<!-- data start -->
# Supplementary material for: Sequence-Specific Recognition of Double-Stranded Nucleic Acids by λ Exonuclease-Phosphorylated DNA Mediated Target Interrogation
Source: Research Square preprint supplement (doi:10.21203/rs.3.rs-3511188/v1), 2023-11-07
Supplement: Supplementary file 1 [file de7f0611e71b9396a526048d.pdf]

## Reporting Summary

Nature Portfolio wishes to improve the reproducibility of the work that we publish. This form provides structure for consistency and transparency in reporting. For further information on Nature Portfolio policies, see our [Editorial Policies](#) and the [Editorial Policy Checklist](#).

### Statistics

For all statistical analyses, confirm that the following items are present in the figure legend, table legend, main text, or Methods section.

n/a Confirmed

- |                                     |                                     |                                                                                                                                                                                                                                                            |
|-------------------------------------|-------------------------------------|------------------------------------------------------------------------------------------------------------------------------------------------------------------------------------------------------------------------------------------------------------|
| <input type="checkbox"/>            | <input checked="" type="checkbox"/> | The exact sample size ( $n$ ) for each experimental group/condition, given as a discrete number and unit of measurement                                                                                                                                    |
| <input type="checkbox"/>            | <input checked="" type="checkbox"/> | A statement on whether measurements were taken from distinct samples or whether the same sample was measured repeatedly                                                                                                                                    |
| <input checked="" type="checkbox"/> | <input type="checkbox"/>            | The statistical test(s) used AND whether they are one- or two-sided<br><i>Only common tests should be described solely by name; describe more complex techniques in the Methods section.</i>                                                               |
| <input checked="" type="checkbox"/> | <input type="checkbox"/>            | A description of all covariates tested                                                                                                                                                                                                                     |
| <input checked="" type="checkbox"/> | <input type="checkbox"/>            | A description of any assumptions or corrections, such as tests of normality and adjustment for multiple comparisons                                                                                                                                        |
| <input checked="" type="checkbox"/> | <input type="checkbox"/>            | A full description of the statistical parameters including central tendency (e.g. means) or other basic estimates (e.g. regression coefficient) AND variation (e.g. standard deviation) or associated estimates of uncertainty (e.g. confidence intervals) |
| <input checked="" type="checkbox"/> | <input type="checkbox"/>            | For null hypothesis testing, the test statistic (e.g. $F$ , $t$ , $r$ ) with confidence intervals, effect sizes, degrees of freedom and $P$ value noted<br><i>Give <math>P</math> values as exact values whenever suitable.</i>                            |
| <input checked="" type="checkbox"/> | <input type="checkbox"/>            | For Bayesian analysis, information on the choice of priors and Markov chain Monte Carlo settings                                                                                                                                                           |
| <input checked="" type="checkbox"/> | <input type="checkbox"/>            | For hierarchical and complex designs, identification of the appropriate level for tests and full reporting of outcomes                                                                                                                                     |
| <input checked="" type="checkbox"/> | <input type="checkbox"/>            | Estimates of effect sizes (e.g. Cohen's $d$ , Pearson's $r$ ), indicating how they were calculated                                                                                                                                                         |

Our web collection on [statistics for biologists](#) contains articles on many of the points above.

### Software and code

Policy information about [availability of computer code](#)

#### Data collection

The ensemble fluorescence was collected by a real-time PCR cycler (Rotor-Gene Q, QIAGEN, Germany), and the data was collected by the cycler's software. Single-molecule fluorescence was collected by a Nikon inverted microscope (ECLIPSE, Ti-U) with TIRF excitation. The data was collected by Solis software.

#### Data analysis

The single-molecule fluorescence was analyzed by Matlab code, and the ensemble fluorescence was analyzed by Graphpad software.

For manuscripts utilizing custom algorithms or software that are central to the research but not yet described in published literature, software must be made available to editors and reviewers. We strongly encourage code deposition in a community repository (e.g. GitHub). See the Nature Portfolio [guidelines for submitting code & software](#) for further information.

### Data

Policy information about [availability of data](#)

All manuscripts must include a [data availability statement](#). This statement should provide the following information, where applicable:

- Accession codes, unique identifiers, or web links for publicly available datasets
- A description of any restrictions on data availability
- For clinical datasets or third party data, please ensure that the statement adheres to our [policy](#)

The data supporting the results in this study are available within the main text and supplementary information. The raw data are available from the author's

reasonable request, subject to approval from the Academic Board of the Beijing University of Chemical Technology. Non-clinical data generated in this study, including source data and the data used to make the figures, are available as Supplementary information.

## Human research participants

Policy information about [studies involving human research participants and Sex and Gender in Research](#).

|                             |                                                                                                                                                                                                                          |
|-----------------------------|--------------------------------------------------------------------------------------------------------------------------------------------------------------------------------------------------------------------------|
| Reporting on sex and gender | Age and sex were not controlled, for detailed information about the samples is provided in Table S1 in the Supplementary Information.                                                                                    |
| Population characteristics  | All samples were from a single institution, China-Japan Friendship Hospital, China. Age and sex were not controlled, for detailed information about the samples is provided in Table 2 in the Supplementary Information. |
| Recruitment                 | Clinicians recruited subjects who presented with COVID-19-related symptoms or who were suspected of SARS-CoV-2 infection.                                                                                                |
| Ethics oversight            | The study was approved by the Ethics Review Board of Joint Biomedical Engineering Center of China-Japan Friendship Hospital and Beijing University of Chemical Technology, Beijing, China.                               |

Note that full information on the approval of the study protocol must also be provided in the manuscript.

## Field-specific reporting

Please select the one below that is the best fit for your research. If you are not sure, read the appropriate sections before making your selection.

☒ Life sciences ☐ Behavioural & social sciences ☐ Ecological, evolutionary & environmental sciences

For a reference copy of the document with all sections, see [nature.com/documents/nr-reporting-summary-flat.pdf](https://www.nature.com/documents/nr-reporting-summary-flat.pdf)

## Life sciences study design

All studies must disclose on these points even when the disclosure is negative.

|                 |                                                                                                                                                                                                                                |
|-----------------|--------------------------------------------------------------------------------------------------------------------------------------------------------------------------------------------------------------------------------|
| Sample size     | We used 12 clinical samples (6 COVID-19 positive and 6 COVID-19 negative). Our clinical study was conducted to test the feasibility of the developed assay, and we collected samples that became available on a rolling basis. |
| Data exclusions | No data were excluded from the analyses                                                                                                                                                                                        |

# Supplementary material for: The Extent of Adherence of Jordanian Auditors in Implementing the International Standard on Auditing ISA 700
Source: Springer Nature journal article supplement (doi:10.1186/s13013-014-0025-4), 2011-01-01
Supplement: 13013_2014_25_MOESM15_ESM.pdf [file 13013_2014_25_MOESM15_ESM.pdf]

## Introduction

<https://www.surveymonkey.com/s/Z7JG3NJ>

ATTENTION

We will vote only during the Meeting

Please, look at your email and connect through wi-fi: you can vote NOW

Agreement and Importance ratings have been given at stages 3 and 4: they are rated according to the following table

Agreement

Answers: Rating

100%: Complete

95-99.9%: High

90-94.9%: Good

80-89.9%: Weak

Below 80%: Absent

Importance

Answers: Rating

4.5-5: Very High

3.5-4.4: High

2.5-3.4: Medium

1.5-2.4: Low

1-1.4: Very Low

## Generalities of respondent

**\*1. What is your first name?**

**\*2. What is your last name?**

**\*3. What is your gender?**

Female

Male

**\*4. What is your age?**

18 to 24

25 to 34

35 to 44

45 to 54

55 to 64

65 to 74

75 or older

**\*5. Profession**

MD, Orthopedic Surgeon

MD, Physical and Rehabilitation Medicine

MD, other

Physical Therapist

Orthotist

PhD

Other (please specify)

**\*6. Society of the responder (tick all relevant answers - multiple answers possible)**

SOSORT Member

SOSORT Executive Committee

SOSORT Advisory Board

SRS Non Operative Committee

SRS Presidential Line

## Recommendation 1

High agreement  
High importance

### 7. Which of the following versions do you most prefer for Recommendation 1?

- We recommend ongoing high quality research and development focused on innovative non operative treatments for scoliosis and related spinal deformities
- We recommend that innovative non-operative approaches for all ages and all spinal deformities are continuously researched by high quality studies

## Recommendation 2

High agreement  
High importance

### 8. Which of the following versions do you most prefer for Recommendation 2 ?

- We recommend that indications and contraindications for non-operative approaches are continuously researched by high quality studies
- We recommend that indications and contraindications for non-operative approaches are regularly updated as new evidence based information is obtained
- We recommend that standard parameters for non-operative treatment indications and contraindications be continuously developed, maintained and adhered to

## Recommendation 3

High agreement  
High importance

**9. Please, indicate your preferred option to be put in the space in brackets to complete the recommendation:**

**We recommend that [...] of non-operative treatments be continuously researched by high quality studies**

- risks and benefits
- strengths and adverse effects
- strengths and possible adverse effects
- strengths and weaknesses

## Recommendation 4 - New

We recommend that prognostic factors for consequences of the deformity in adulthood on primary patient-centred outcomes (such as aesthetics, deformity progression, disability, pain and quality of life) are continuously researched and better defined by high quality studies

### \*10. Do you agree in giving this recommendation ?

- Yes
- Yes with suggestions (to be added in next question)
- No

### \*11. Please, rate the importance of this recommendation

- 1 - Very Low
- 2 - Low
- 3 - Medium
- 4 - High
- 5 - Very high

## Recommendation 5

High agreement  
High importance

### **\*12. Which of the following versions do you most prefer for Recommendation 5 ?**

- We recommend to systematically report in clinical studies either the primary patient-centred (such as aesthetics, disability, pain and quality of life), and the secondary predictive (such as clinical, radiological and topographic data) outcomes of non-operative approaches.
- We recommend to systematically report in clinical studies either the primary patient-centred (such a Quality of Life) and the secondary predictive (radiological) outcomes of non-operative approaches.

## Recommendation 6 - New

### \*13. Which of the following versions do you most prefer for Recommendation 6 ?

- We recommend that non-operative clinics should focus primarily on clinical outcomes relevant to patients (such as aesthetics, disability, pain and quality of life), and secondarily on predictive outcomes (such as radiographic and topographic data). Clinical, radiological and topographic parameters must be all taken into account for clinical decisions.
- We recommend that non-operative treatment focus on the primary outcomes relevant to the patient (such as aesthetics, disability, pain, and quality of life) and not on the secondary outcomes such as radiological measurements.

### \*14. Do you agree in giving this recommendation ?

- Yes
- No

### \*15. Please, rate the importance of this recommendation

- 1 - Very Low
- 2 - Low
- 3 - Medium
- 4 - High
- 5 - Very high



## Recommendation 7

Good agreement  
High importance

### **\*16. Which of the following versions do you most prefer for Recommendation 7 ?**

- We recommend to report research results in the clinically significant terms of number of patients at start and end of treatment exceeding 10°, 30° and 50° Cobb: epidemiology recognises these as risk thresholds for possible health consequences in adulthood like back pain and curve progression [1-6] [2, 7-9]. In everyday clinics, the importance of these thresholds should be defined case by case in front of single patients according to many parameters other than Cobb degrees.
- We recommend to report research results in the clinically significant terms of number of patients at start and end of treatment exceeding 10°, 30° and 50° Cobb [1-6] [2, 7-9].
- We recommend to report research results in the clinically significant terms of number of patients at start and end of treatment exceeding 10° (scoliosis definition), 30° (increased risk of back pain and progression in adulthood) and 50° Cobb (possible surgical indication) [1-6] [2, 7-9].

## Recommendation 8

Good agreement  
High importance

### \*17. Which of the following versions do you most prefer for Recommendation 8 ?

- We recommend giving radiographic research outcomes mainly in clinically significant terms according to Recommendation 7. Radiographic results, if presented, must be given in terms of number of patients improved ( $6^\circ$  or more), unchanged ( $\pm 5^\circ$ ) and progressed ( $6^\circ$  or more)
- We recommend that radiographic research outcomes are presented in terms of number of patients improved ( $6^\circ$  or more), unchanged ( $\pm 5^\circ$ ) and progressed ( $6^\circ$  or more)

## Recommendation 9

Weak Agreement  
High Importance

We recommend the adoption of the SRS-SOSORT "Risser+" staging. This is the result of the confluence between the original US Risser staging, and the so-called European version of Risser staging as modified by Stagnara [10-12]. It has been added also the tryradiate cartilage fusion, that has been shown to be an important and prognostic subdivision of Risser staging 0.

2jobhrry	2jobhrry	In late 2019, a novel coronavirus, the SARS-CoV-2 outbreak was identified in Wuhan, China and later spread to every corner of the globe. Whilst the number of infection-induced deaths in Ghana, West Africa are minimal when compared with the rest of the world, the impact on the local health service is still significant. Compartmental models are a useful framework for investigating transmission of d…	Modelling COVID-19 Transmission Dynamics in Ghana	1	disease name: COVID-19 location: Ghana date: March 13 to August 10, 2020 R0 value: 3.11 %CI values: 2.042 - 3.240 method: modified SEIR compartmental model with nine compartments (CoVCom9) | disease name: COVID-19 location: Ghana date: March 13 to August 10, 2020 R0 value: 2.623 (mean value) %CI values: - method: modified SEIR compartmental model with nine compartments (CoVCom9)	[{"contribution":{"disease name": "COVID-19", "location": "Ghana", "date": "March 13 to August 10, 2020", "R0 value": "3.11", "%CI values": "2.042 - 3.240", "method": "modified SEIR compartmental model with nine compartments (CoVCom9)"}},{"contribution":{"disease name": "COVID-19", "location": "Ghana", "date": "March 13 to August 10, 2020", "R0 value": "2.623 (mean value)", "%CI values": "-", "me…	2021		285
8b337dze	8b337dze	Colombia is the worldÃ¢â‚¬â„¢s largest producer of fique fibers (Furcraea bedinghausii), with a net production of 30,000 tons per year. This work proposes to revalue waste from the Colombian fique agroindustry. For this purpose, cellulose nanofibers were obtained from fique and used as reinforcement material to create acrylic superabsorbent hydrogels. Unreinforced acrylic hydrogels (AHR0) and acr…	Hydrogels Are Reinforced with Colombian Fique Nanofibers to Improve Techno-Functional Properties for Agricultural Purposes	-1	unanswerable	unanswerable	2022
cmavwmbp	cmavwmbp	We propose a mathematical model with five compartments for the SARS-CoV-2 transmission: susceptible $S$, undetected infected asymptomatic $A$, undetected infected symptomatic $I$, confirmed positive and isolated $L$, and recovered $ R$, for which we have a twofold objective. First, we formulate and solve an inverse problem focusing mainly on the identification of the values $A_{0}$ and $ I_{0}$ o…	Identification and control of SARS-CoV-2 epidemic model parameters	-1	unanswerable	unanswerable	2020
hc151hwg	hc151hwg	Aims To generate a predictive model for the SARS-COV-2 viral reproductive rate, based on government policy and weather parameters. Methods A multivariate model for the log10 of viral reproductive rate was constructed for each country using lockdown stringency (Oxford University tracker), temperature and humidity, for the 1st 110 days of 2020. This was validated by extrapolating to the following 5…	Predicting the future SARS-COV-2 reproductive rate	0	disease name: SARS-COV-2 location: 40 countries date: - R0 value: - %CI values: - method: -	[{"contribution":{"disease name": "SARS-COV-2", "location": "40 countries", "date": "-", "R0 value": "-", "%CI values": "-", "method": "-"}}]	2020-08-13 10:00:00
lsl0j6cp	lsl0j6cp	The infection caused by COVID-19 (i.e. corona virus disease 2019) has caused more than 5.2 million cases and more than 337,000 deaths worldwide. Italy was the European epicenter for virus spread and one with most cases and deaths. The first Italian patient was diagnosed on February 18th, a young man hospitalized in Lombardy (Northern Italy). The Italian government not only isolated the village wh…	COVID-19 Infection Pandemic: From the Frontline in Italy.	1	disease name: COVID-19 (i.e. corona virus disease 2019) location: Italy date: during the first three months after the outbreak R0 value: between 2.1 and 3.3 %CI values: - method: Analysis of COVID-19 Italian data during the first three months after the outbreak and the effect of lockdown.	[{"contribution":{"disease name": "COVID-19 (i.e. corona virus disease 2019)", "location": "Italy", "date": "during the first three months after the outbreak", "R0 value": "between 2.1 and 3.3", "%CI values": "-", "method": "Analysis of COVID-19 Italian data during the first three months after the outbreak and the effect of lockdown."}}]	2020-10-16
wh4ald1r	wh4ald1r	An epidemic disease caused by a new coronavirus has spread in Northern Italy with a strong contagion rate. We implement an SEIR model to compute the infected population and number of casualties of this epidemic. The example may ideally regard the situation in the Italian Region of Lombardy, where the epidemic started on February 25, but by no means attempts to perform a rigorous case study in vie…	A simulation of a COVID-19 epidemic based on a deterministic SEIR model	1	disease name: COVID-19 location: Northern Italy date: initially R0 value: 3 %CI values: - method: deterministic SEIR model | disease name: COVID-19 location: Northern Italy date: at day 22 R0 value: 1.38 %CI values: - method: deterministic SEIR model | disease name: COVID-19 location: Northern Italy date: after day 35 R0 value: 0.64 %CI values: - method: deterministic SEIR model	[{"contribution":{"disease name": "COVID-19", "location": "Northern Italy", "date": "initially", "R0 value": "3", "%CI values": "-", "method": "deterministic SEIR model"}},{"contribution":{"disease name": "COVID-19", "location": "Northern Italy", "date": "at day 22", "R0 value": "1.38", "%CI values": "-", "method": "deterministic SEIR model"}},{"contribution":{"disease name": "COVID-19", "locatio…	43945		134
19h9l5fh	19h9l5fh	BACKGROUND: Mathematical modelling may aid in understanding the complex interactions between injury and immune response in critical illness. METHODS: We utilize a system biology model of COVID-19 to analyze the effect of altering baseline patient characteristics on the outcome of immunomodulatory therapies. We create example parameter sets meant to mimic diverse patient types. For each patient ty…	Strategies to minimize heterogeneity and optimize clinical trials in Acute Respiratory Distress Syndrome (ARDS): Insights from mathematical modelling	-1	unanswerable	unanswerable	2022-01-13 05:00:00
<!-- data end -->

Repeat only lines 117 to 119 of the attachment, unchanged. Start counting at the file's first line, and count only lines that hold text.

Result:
- We recommend that indications and contraindications for non-operative approaches are continuously researched by high quality studies
- We recommend that indications and contraindications for non-operative approaches are regularly updated as new evidence based information is obtained
- We recommend that standard parameters for non-operative treatment indications and contraindications be continuously developed, maintained and adhered to